Multivariable adjusted spline curves displaying the relationships among cumulative average dietary intake (A and C) and total calcium intake (B and D) with the time to death from all causes (A and B) and cardiovascular disease (C and D). Adjusted for age, total energy, and vitamin D intake, healthy dietary patterns, body mass index, height, living alone, educational level, physical activity level, smoking status, use of calcium-containing supplements, and score on the Charlson Comorbidity index. The reference value for estimation was set at 800 mg, which corresponds to the Swedish recommended calcium intake for females older than 50 years of age. Adapted from Michaelsson et al., with permission from BMJ Publishing Group Ltd. [65].


The effects of calcium supplementation on the risk of cardiovascular disease have yet to be adequately investigated and, at present, there is not enough evidence to support the potential adverse cardiovascular outcomes that have been described by some studies. In fact, a majority of the adverse events that have been reported originated from studies conducted in calcium-replete countries and, therefore, the issue may be limited to whether supplementation with 1,000 mg of elemental calcium in people with a dietary calcium intake of approximately 1,000 mg is safe. Because dietary calcium intakes vary widely around the world, the effects of calcium supplementation are likely to differ according to specific dietary intake levels. Therefore, it would be reasonable to take dietary calcium intake into account when analyzing the risk-benefit profiles of calcium supplementation in different populations.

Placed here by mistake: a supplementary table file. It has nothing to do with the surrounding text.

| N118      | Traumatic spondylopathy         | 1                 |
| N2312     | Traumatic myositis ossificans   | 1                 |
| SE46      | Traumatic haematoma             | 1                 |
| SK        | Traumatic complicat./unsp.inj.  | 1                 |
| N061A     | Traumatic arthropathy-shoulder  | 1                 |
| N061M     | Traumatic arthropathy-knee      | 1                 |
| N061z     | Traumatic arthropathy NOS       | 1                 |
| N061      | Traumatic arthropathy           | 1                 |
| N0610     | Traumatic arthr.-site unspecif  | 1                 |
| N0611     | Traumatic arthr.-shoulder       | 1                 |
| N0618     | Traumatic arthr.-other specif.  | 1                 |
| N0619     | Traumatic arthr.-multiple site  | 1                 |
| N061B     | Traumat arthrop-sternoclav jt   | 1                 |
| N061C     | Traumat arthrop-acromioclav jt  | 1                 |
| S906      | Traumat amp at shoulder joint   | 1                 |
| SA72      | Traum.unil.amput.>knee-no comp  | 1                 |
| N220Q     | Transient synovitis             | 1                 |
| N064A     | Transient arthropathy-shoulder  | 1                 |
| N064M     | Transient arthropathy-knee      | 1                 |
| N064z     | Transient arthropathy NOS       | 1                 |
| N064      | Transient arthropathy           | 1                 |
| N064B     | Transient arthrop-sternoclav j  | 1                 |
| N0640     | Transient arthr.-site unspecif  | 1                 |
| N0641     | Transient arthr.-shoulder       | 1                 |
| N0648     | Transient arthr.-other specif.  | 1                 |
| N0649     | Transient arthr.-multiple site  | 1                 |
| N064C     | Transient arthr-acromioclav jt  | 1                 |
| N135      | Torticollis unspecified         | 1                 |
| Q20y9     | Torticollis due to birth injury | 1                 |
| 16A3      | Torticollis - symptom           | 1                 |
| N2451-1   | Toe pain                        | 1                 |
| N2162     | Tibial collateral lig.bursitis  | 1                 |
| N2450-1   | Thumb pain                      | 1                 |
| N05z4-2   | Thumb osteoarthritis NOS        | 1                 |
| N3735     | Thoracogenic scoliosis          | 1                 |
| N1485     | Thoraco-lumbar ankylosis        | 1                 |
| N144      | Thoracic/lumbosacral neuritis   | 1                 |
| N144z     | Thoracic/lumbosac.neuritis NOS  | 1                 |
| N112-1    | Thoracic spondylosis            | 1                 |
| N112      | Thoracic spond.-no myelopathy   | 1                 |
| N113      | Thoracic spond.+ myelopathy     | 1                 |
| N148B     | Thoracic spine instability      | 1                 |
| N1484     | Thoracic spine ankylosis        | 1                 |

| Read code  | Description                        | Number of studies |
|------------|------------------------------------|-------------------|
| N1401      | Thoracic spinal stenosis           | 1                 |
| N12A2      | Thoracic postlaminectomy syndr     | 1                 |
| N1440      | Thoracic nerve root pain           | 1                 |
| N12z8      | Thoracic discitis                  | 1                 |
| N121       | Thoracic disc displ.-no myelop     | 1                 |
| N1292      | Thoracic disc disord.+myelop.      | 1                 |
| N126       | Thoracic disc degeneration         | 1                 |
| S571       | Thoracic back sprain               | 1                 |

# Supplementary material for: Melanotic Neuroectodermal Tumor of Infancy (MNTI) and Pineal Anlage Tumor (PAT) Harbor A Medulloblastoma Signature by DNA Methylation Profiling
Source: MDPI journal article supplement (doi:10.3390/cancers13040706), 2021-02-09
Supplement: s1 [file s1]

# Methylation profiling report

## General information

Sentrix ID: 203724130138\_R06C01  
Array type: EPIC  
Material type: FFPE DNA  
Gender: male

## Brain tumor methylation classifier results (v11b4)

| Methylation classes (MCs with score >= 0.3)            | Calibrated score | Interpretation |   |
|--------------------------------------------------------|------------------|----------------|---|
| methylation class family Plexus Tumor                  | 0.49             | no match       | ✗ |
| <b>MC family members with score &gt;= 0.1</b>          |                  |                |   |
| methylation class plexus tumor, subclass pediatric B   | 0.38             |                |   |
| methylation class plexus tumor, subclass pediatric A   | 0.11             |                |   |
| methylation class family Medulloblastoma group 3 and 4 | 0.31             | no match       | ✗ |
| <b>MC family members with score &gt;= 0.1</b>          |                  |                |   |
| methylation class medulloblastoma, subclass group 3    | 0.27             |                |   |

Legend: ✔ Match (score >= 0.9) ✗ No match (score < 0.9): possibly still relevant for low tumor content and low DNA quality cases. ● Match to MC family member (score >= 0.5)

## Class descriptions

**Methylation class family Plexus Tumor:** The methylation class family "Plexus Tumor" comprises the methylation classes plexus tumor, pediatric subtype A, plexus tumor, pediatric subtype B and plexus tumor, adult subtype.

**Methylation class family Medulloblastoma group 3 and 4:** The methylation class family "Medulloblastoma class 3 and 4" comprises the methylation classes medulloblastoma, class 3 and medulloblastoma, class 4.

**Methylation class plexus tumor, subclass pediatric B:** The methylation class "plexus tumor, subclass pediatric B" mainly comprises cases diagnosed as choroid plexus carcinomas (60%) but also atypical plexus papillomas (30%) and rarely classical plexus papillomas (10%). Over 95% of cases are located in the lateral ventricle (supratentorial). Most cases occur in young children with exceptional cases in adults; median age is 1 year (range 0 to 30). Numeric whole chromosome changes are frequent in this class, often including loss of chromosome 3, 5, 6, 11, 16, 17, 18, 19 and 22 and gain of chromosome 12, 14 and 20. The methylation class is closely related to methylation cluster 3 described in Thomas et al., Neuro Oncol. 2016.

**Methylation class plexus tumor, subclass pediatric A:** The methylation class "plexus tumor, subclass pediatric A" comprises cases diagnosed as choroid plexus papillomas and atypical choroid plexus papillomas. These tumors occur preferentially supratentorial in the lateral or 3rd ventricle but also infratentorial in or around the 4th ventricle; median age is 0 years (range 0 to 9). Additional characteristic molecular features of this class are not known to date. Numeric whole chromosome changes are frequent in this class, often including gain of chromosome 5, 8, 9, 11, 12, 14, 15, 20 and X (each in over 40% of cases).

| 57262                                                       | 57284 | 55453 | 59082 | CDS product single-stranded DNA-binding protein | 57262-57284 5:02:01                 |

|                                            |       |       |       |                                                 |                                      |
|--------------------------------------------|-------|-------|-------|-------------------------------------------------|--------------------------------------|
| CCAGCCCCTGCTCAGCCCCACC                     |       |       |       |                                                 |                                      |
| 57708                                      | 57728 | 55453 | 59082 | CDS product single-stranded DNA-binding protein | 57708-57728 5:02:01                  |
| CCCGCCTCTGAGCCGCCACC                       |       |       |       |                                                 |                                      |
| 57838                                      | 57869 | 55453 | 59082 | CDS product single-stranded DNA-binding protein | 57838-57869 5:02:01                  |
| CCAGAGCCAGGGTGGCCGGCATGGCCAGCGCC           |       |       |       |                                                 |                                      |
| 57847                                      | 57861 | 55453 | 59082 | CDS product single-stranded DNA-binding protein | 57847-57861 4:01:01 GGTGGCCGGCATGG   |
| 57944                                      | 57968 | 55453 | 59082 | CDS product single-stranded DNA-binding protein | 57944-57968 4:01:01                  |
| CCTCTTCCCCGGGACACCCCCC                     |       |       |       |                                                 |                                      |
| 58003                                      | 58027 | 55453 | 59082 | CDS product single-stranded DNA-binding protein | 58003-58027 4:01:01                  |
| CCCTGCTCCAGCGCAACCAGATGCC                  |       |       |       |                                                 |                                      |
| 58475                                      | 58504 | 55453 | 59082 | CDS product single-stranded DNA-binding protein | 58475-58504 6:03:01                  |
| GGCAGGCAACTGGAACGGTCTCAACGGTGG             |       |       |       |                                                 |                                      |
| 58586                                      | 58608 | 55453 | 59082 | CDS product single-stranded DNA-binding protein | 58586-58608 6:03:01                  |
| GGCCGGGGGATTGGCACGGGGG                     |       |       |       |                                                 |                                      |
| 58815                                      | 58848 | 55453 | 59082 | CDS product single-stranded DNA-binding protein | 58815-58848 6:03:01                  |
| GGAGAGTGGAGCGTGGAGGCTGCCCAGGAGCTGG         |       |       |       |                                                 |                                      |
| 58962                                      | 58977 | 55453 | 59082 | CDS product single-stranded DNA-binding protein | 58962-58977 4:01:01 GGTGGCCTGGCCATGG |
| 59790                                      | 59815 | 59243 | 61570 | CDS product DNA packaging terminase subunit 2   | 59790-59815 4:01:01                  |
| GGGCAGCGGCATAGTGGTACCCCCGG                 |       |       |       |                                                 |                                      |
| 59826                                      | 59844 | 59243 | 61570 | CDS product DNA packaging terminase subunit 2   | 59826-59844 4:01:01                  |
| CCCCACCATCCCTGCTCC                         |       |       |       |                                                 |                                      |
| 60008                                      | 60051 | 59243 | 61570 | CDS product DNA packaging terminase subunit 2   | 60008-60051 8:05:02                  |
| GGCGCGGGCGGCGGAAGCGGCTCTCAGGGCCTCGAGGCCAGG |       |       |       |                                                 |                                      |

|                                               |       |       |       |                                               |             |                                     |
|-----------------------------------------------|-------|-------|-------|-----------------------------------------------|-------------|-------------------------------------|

In their Auckland Calcium Study, Reid and colleagues [66] reported the presence of statistical interactions between dietary calcium intake and adverse cardiovascular effects such that individuals with calcium intakes above median values exhibited a majority of the adverse effects. Moreover, the skeletal benefits and cardiovascular disease risk factors and outcomes tended to be better following calcium supplementation in regions with low calcium intakes. In the Auckland Calcium Study [58], the number needed to treat one fracture with calcium supplements was 302, whereas the number needed to produce a cardiovascular event was 178. Although the present review was unable to calculate these values in other regions due to insufficient data, it is possible that the number needed to harm (cardiovascular disease) versus the number needed to treat (osteoporotic fracture) by calcium supplementation may differ according to the dietary calcium intake and cardiovascular disease risk profiles in different parts of the world. For individuals living in countries or regions with low calcium intakes, an appropriate regimen of calcium supplementation might be beneficial in terms of fracture prevention and the reduction of all-cause mortality. In the future, the collection of population-specific data using subjects of different genders, ages, ethnicities, and risk profiles from different parts of the world is warranted prior to the extrapolation of the results obtained from a few studies.


CONFLICTS OF INTEREST: No potential conflict of interest relevant to this article was reported.


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Fig. 1

Worldwide distribution of dietary calcium intake. Data obtained from the EFSA Panel on Dietetic Products [21], Weaver and Heaney [22], Wang and Li [23], and Pinheiro et al. [24].

Fig. 2

Multivariable adjusted spline curves displaying the relationships among cumulative average dietary intake (A and C) and total calcium intake (B and D) with the time to death from all causes (A and B) and cardiovascular disease (C and D). Adjusted for age, total energy, and vitamin D intake, healthy dietary patterns, body mass index, height, living alone, educational level, physical activity level, smoking status, use of calcium-containing supplements, and score on the Charlson Comorbidity index. The reference value for estimation was set at 800 mg, which corresponds to the Swedish recommended calcium intake for females older than 50 years of age. Adapted from Michaelsson et al., with permission from BMJ Publishing Group Ltd. [65].